Politically Persuadable But Focused on Jobs?

Part 1 of our series on understanding Hispanic voters

purple principle episode artwork with headshots of podcast guests carlos curbelo, dr. sharon navarro, and dr. henry cisneros

Is a large and growing segment of Hispanic American voters leaning independent, as in less securely tied to either of the two major parties? 

That’s the operative question in this first episode on Hispanic swing voters, featuring three noted experts: former Florida Congressman Carlos Curbelo, UT San Antonio political scientist Dr. Sharon Navarro, and former four-term San Antonio Mayor and Clinton Cabinet member, Dr. Henry Cisneros. 

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Curbelo notes the growing diversity of Hispanic voters, even within the south Florida district he represented. He goes on to explain that the recent and, to many, surprising shift of Latinos toward the Republican Party may be a result of discomfort with far left rhetoric among families who have emigrated from socialist dictatorships such as Venezuela, Nicaragua and Cuba. 

Dr. Sharon Navarro observes many Hispanic voters may be registered to a political party yet remain “persuadable” by candidates speaking to concerns from the opposing side. She notes, for example, that the federal government’s Customs and Border Protection (CBP) is a major employer in the South Texas region. As a result, calls from the far left to completely shut down the border patrol may have persuaded some Texas Hispanics to vote GOP despite the extreme white nationalist rhetoric on the far right. 

“Politics is a marketplace of ideas,” notes Dr. Henry Cisneros, one of the nation’s first Hispanic mayors who governed as a pragmatic centrist. “Progressives, people to the left, Democrats generally would do well to try to put yourself in other people’s shoes who are striving to create a better life for their families, who want the best possible education for their children in basic ways and in traditional ways, with respect to views about the country and patriotism.” 

Our nation’s fastest growing ethnic group may be our least predictable voting bloc again in the 2022 elections and beyond. Tune in for a better understanding of the diverse backgrounds, priorities and viewpoints characterizing Hispanic American swing voters.

Original music by Ryan Adair Rooney.


Carlos Curbelo

So, jobs, the economy and education, you know, if you’re not talking about that with Latino voters, you’re, you’re losing.

Robert Pease (host) 

Carlos Curbelo knows a thing or two about winning Latino voters. He’s a former two-term moderate Republican Congressman from one of the last remaining swing districts in the US House, including parts of Miami and the Florida Keys . We’ll be talking Hispanic swing districts and swing voters with Carlos Curbelo and Dr. Sharon Navarro, a political scientist at UT San Antonio.

Dr. Sharon Navarro 

One third of Latinos aren’t born in the United States, which means that there is no party loyalty in- ingrained in them yet. So they are quite persuadable. 

Robert Pease (host) 

And we’ll speak again with Dr. Henry Cisneros, former four-term Mayor of San Antonio and Clinton Cabinet Secretary.

  Dr. Henry Cisneros

So for a lot of reasons, Latinos were sort of saying, ‘well, wait a minute. You know, if this is what I believe, it’s out of sync with my traditional Democratic leaning, I have to at least consider the Republican Party.‘ And I think we’re seeing that. And I expect we’re probably gonna see more of it.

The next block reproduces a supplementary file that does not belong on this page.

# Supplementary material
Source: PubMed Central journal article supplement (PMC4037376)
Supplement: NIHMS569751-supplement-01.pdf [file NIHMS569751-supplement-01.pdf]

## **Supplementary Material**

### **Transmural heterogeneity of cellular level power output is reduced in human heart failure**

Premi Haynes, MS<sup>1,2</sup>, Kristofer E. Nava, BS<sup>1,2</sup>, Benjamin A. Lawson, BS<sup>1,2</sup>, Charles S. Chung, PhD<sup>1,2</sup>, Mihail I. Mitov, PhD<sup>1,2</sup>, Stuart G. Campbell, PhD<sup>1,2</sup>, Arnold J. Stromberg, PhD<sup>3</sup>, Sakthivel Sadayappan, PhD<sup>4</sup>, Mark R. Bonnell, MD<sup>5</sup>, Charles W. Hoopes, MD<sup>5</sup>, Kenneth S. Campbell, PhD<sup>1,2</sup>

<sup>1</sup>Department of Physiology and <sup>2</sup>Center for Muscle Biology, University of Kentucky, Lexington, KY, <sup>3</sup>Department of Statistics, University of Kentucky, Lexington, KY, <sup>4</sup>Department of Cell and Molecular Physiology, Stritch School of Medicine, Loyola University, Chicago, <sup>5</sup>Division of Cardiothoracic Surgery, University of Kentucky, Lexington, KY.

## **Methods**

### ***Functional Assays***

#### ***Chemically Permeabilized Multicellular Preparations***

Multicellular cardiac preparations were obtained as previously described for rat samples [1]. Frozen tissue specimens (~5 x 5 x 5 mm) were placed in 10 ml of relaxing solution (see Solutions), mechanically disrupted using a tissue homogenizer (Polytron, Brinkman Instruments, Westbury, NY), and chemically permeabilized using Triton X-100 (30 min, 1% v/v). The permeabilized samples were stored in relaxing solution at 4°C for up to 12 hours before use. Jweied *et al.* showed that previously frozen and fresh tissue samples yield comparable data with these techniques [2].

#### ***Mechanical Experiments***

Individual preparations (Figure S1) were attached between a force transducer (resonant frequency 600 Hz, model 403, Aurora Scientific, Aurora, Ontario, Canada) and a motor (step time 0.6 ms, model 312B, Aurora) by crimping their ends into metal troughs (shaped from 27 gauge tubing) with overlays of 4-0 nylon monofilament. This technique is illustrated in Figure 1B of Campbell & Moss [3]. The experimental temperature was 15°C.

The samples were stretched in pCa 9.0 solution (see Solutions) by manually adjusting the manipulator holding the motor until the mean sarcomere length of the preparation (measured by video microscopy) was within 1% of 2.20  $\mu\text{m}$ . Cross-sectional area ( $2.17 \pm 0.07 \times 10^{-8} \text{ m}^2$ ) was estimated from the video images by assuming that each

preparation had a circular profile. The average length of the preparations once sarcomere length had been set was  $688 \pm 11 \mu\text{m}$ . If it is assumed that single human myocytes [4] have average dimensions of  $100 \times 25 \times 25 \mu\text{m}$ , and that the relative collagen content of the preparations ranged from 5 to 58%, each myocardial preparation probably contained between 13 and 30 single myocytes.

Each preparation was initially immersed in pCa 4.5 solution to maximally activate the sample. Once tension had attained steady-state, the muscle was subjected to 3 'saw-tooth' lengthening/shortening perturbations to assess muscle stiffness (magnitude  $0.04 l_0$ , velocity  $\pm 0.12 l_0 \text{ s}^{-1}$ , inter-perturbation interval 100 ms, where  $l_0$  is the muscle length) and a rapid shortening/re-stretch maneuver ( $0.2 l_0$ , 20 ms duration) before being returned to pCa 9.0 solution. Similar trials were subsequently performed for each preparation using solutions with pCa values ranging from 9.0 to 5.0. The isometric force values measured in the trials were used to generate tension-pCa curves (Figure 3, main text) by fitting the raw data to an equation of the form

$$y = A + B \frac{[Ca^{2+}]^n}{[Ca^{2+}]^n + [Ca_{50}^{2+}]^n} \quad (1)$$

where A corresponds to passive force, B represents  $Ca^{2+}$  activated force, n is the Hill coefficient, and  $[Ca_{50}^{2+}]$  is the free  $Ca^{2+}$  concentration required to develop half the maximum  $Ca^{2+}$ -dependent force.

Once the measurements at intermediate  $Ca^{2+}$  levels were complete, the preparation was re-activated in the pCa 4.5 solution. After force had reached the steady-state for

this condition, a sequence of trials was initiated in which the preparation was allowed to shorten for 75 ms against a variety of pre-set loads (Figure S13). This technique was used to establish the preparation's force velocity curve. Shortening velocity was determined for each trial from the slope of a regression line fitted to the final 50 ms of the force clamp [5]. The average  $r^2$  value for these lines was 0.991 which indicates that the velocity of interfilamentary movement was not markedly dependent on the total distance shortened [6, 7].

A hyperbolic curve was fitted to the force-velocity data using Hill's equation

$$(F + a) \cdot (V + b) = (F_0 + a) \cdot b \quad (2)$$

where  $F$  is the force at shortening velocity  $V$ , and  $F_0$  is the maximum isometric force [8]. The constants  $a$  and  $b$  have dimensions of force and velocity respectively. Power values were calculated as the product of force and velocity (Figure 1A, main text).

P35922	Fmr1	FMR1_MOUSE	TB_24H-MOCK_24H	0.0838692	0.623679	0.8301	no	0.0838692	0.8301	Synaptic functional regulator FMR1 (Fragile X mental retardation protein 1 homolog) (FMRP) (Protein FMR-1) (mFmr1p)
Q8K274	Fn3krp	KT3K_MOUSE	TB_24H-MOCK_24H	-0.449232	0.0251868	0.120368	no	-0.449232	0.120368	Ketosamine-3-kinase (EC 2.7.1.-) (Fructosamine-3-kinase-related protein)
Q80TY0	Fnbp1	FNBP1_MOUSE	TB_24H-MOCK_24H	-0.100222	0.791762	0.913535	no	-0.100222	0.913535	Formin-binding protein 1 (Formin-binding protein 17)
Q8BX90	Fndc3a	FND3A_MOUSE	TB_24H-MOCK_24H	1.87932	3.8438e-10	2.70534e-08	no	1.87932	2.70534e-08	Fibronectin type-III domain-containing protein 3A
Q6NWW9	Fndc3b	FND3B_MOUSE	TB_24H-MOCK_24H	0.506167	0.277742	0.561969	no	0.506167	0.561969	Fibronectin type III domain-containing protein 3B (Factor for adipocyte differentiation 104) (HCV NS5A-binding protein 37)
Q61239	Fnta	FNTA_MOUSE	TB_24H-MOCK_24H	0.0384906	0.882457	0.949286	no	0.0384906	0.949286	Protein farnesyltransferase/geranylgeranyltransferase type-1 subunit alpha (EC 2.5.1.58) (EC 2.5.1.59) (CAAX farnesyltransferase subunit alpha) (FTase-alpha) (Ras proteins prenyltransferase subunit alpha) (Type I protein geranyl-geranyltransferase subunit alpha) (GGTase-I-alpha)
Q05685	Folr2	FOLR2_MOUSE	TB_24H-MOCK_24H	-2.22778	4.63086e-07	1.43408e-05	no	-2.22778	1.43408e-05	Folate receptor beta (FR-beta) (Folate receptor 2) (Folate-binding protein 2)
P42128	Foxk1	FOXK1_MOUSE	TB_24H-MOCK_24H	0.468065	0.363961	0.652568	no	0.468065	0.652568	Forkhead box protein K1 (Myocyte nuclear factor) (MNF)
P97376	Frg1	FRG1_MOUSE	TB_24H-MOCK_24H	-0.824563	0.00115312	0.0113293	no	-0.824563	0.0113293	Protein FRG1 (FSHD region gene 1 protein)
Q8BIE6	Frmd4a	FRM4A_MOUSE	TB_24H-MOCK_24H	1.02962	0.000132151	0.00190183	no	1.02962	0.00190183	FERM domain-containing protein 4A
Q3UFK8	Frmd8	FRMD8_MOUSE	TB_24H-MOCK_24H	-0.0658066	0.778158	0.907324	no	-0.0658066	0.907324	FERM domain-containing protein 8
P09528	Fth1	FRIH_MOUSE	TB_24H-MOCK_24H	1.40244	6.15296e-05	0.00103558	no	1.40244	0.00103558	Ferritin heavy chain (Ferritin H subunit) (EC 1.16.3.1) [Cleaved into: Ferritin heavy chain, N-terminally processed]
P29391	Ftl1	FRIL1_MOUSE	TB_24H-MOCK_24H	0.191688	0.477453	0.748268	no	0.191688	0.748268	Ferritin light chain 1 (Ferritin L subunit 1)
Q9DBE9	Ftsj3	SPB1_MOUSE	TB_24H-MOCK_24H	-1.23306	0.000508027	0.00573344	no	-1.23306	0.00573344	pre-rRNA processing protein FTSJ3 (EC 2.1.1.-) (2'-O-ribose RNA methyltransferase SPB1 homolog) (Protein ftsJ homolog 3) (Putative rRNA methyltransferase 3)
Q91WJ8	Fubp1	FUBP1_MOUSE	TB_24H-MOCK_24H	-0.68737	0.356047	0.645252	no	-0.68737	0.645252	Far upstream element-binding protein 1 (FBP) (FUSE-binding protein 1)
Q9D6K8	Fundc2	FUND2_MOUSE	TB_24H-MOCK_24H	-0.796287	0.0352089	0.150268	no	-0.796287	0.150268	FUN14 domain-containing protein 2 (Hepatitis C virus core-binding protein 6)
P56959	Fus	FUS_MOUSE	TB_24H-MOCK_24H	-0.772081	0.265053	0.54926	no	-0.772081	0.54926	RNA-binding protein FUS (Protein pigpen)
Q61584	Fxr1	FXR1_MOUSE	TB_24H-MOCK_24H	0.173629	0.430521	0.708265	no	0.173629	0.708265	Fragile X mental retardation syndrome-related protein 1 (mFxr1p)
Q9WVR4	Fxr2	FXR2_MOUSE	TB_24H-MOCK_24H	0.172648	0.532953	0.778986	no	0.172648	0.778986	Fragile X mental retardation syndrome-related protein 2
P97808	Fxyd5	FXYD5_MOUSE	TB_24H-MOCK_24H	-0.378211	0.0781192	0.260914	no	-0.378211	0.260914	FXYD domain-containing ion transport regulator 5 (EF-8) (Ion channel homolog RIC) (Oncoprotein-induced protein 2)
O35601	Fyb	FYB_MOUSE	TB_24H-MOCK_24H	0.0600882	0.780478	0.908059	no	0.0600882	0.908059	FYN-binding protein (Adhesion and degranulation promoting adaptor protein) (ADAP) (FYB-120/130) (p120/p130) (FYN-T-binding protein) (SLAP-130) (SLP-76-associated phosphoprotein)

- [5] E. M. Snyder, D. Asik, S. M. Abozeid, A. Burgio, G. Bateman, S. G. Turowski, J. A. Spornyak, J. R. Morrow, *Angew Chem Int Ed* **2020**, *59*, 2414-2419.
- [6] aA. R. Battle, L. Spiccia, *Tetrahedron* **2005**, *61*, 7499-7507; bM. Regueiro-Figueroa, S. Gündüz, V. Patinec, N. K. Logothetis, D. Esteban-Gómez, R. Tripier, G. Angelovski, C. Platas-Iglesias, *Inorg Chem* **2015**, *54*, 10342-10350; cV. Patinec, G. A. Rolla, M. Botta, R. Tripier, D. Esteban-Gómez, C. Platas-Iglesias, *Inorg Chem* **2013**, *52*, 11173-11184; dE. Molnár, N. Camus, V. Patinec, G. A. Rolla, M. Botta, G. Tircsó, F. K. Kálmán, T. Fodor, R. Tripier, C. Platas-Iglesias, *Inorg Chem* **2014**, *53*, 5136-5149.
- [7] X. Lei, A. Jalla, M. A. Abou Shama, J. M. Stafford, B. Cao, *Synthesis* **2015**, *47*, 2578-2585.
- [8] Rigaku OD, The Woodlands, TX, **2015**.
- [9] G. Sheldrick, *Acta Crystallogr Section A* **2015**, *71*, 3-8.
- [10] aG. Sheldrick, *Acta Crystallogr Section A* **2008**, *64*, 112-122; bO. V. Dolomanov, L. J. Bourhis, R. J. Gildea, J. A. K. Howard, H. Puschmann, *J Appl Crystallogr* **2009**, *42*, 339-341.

Robert Pease (host) 

I’m Robert Pease and this is The Purple Principle, a podcast about the perils of polarization in this perilously polarizing primary season. There was so much in the news about the unexpected shift of some Hispanic voters in the 2020 election:

[Archival clip – 2020 news clip about Hispanic voter shift]

Robert Pease (host) 

And it’s being reported again in this 2022 mid-term election: 

[Archival – 2022 news report about Hispanic voter polling]

Robert Pease (host) 

A lot of factors to weigh with regard to Hispanic voters, including country of origin or descent. Sure, there’s common language and cultural factors at work. But Mexico is clearly not Venezuela, which in turn is not Argentina, which is very much not at all Cuba when it comes to political culture, exposure and the effect on recent American immigrants from those nations. 

Let’s start off with Carlos Curbelo, himself a second generation Cuban American, with regard to changes in that South Florida community which echo similar trends from around the nation.

[Enter Interview]

Carlos Curbelo

So for a long time, Cuban Americans had started distributing more normally on the political curve. So, if you go back to the eighties and nineties, Cuban Americans were very reliable Republican voters. Some people believe George W. Bush got as much as 80% of the Cuban American vote in the 2000 election. And then, very high numbers again in 2004. But yeah, after that, younger Cuban Americans started skewing a little more towards the center and to the left. But, we did see a big snap back in 2020 with the Cuban American community and other Hispanic communities here in South Florida, supporting Donald Trump pretty heavily. And a lot of people attribute that to the Democratic Party’s shift to the left and the prominence of figures like Bernie Sanders and Alexandra Ocasio-Cortez, leaders who identify with ‘socialist movements’, which is a bad word here in South Florida for a lot of Latino communities.

Robert Pease (host)

Yeah and that’s understandable, given that context there, so thank you for that. But what about the trend with younger Latinos there, who are maybe becoming more active voters as they get older?

Carlos Curbelo